By Gayle Jordan, Executive Director of Recovering from Religion
I was born a Southern Baptist. That’s a bit of a play on words—Baptists do not believe you are born into the faith. That is an event of your own choosing, and in this case, I use the phrase to mean I was born into a family of Southern Baptists by several generations.
I was fully integrated into the faith from birth, experienced personal salvation at age six, and participated in every aspect of Baptist education: Sunday School (now Bible Study Fellowship) on Sunday mornings; Training Union (now Discipleship Training) on Sunday nights; first Sunbeams (now Mission Friends), then GA’s, then Acteens on Wednesdays; and Worship every Sunday morning and Sunday evening. Then came the Baptist Student Union (now Baptist Campus Ministries) in college, then on to teaching all of the above on my own as a young adult, wife, and mother. I served on every committee my churches have had, even the Committee on Committees, a concept that still makes me chuckle. I have served as Sunday School Director, Mission Education Director, Youth Leader, Vacation Bible School Director, and Sunday School Teacher.
Lest you think my church experience was all busywork and no personal calling, allow me now to assure you that I took every one of those responsibilities very seriously. I do not believe anyone with whom I served or anyone I taught would dispute that. My faith was the driving force behind my work at church; my highest street cred of a genuine faith was that I committed to rearing my beloved children in that same faith. That is my Baptist pedigree.
When those same precious children entered their teenage years, they began asking me the questions that relentlessly smart, thinking, driven children ask when they are asserting their independence.
There were questions about the contradiction of the faith with science:
“Six million species, Mom? On one boat?”
There were also the questions of the scholarship:
“Where are the original manuscripts?”
“Three sets of Ten Commandments? And they’re not the same?”
“Divinely inspired writers didn’t know the earth moved around the sun?”
Then the questions of morality:
“God did THAT to children who teased Elisha?”
“Lot gave his daughters up for rape?”
I sought information from every avenue. This was the early era of the internet, and I capitalized on the new gift of the information age with vigor. I sought answers from old reliable sources—the institution of religion in general, and my church and its convention in particular. My prayers to my god were fervent, focused, and constant, and were breathed with confidence and patience. I also looked outside the faith, to be absolutely certain I had covered every possible angle, and to strengthen what I already knew with conviction: that despite those difficult questions, my faith would emerge right, and victorious, and applicable.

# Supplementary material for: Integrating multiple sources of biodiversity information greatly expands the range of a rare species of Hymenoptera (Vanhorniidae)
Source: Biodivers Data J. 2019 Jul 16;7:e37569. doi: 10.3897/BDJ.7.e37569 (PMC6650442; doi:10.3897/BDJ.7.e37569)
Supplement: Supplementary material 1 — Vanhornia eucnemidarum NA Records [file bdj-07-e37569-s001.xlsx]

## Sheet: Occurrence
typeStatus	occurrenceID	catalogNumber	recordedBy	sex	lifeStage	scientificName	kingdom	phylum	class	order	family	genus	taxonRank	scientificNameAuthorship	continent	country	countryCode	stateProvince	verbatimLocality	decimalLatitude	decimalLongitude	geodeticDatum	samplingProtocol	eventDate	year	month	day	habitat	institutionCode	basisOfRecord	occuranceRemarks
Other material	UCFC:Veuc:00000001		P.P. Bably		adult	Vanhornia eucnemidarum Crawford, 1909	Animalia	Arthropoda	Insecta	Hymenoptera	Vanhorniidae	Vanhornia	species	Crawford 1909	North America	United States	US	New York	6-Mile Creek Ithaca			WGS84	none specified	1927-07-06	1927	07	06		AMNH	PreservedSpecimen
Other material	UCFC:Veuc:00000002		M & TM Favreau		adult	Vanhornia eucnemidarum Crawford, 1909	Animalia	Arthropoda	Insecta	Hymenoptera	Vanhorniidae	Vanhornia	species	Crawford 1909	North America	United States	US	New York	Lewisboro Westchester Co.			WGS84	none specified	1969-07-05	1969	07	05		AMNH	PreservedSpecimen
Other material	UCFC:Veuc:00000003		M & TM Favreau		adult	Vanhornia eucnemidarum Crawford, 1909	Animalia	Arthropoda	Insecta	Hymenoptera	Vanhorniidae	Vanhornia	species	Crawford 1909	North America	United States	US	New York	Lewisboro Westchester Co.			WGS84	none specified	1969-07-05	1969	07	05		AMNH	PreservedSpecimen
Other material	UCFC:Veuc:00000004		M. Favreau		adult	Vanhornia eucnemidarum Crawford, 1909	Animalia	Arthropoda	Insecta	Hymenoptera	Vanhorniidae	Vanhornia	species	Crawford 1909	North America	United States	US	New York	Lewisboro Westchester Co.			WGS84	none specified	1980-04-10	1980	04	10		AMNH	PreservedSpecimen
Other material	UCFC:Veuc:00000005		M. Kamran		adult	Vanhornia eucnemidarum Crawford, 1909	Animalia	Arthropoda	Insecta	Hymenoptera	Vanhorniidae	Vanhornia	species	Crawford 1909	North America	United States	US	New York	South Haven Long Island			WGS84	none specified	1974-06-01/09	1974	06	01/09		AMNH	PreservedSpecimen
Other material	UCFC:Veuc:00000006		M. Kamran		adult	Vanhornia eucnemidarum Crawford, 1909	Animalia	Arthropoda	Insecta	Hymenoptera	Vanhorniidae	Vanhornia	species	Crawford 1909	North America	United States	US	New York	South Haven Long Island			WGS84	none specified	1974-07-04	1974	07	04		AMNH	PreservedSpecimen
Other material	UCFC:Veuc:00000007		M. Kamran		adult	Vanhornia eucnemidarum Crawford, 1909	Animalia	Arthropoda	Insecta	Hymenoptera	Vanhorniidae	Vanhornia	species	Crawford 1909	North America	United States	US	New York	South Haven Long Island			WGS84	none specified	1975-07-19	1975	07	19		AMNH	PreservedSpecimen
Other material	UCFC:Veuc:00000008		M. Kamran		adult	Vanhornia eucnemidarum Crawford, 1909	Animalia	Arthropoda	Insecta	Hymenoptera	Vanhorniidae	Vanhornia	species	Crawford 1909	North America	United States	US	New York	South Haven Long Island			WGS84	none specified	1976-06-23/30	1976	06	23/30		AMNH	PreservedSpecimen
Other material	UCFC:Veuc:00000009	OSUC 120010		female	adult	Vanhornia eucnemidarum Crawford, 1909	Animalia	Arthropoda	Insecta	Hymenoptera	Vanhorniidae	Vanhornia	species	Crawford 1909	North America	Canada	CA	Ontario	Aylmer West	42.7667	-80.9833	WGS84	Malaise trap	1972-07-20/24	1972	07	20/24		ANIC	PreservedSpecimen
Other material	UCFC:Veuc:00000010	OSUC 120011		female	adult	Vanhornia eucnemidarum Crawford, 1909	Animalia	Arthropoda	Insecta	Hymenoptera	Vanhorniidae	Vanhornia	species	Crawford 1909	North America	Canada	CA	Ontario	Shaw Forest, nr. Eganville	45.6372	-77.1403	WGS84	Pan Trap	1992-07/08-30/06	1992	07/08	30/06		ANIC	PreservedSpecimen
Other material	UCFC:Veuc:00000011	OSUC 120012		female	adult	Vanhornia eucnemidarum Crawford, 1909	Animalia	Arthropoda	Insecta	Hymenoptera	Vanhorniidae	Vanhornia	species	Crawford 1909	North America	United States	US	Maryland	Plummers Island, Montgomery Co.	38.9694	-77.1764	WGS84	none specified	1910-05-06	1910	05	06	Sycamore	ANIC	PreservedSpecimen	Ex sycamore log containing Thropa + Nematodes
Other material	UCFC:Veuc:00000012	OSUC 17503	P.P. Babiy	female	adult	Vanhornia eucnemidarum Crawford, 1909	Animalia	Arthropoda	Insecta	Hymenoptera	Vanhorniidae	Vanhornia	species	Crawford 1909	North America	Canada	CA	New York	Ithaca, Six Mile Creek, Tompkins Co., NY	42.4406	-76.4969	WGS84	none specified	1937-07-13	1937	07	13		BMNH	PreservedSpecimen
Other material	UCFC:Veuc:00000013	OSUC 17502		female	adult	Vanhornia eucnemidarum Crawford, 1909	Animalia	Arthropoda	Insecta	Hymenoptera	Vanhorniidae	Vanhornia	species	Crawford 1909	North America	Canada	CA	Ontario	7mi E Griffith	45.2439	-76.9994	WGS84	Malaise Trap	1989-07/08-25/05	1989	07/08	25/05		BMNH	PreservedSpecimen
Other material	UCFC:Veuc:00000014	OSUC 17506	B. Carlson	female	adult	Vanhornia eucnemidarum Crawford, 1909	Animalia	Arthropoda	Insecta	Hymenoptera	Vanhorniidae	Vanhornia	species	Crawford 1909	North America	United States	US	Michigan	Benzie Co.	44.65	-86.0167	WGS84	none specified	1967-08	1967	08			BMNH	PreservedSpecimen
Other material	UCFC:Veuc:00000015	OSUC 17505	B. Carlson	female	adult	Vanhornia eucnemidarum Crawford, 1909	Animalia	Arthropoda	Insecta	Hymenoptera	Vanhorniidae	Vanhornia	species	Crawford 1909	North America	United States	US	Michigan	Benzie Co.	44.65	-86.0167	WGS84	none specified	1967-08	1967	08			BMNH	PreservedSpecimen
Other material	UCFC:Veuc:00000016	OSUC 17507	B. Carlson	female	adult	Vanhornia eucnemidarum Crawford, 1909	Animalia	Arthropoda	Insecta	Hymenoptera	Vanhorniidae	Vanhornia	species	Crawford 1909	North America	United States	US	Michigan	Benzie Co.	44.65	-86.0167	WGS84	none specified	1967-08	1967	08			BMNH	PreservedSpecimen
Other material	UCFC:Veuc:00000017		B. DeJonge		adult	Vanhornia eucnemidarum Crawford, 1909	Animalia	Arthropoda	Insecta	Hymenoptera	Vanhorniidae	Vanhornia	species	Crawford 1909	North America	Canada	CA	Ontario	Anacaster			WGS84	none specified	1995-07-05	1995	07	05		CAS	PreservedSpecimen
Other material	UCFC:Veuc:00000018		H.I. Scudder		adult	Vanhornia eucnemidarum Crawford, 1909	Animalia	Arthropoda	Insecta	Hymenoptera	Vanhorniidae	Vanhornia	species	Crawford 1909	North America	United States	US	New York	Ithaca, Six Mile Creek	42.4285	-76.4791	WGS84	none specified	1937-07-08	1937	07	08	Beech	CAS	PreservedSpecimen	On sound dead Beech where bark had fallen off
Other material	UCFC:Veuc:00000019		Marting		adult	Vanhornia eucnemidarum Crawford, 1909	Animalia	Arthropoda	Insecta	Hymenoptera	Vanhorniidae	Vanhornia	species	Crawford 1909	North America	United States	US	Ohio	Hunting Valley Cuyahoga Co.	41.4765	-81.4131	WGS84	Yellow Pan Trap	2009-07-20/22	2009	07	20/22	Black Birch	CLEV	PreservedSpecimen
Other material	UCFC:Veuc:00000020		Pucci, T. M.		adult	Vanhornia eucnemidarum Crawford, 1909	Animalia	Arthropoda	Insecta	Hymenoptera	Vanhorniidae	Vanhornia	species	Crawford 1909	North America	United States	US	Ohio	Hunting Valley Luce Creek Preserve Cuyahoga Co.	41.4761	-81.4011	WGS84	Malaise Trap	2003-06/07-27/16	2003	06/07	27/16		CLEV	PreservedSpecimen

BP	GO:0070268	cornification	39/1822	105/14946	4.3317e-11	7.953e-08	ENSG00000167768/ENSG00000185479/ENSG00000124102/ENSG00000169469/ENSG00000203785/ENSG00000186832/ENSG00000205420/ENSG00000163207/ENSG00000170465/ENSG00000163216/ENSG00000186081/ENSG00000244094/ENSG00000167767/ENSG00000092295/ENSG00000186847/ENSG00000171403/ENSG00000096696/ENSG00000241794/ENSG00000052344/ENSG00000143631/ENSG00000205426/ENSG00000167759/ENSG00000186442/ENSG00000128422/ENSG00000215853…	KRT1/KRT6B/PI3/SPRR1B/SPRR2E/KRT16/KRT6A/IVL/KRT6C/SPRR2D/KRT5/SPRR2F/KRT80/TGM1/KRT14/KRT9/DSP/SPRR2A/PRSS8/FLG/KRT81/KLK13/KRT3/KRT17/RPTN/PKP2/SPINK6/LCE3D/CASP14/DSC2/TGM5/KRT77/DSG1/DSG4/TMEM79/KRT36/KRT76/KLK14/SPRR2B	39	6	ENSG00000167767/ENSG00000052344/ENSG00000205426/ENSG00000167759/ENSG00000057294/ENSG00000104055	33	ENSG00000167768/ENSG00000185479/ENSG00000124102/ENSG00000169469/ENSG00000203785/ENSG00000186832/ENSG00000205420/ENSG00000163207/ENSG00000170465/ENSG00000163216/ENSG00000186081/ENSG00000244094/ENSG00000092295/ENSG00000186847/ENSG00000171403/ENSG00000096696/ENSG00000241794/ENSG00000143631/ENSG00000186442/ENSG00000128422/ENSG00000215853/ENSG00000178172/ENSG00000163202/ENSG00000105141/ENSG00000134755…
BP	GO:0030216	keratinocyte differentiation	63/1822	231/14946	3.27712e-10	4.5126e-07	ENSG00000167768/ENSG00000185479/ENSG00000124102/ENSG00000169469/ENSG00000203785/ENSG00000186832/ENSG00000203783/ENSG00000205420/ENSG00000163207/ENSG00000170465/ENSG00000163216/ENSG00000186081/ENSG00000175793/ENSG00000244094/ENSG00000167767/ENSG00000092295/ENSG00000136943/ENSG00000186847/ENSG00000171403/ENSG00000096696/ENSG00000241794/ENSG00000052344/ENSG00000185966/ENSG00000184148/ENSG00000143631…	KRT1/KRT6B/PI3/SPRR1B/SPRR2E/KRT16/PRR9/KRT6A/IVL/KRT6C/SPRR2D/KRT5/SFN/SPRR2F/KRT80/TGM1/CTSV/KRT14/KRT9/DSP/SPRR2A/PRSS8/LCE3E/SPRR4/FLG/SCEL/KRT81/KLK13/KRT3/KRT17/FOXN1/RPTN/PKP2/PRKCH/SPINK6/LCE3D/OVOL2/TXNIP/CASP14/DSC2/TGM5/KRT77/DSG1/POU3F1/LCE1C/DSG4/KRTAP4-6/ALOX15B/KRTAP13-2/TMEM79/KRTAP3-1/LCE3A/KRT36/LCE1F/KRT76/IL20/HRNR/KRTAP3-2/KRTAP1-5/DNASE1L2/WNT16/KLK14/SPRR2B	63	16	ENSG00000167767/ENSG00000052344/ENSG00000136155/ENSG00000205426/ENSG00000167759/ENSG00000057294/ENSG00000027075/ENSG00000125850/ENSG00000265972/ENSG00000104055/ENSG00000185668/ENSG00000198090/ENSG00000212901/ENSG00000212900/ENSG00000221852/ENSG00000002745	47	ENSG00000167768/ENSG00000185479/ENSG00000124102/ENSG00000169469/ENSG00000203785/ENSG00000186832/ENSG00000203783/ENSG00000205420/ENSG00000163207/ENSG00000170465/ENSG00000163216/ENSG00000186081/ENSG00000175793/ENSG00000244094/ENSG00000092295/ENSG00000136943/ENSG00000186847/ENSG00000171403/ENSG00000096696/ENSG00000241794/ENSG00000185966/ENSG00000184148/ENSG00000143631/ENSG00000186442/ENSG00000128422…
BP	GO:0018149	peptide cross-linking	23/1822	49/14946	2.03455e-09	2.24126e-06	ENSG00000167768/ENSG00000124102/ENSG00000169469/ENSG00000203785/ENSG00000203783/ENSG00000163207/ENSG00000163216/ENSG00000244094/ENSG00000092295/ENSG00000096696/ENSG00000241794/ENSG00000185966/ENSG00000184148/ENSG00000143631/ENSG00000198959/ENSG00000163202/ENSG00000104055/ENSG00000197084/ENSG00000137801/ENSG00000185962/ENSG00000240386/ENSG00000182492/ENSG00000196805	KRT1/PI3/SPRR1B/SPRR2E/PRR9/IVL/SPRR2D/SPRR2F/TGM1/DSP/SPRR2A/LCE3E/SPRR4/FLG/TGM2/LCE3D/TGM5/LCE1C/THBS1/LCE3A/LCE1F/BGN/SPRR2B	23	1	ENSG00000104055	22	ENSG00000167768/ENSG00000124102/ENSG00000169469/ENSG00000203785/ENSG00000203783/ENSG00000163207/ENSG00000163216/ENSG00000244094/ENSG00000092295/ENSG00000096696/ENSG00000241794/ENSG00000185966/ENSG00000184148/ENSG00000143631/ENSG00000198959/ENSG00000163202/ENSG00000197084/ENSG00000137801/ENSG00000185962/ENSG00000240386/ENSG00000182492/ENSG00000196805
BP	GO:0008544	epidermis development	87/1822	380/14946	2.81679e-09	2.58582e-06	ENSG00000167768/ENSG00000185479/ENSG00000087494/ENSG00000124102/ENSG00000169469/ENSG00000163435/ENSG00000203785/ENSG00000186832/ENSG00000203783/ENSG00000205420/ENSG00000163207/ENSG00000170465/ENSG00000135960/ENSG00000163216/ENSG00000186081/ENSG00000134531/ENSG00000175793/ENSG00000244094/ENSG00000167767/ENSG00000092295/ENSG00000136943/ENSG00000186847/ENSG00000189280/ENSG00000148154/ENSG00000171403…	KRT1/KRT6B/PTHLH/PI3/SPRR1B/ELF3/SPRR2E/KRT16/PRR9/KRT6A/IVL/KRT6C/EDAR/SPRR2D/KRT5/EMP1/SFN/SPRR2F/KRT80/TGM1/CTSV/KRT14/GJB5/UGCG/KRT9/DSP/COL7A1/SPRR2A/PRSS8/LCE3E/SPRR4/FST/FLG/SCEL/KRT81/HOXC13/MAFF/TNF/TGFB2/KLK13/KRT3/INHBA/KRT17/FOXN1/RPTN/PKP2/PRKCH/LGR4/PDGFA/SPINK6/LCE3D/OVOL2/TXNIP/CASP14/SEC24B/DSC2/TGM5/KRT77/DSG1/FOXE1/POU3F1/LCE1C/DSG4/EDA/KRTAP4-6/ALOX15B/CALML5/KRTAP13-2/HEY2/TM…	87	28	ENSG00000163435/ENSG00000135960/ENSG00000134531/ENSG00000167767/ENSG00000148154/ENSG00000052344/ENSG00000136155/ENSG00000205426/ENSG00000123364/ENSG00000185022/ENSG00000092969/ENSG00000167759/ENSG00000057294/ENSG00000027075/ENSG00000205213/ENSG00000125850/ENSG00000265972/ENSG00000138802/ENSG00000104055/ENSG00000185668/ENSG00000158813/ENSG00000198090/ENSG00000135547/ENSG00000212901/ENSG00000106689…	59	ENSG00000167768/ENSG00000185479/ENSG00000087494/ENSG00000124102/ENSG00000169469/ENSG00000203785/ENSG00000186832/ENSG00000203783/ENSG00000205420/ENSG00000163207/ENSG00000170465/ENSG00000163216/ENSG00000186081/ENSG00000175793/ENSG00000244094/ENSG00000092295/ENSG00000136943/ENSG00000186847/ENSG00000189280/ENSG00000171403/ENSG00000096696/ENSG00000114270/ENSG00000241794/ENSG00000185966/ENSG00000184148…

I found my quest took me in a direction heavily weighted toward science. I became a critic, employing experiment and application and hypothesis, and refused to accept dogma, conventional wisdom, and common practice without evidence. I was comfortable in this territory—I had trod a similar road in the 1980s when I explored conventionally accepted practices of living a credit lifestyle and refused to go along with that too, to my family’s better financial health. I refined my ability to spot an untested theory or unquestioned principle or faulty premise.
I found my church and its larger organization to be of little help in theory or application. I found earnestness and routine explanations, but no answers.
I did, however, find tremendous amounts of information outside the walls of the church and greater institution.
I found sound science.
I found rationality and reason.
I had moments of utter astonishment, seething anger, and sublime joy.
I have this passage written by Robert G. Ingersoll committed to memory:
When I became convinced that the universe is natural, that all the ghosts and gods are myths, there entered into my brain, into my soul, into every drop of my blood the sense, the feeling, the joy of freedom. The walls of my prison crumbled and fell. The dungeon was flooded with light and all the bolts and bars and manacles became dust. I was no longer a servant, a serf, or a slave. There was for me no master in all the wide world, not even in infinite space. I was free—free to think, to express my thoughts—free to live my own ideal, free to live for myself and those I loved, free to use all my faculties, all my senses, free to spread imagination’s wings, free to investigate, to guess and dream and hope, free to judge and determine for myself. . . I was free! I stood erect and fearlessly, joyously faced all worlds.
My children, whose stories are their own, served as both pupils and teachers in my own process. Even now they leave me speechless with their courage and conviction, they challenge me with their intellect, and they amaze me with their insight and generosity. They are bright and driven and happy and kind and compassionate and moral, and I learn from them almost daily, now, in their young adulthood.
I am as happy a person as I have ever been. I am comfortable in my skin, I take great pride in my belief system, and I look forward to every moment of every day. I love moments with my family and friends and I am exceedingly grateful for the life I have had. I have faults and failings and frailties, and I make mistakes and act rashly. I forgive and am forgiven, I give and I receive, I learn and I grow. I am imperfect, but I am not evil or sinful. I embrace the journey that this life is, I seek adventure and new experiences with robust passion, and I am endlessly delighted at discovering science’s secrets.
Photo by Susan Steen, Amazing Grace Designs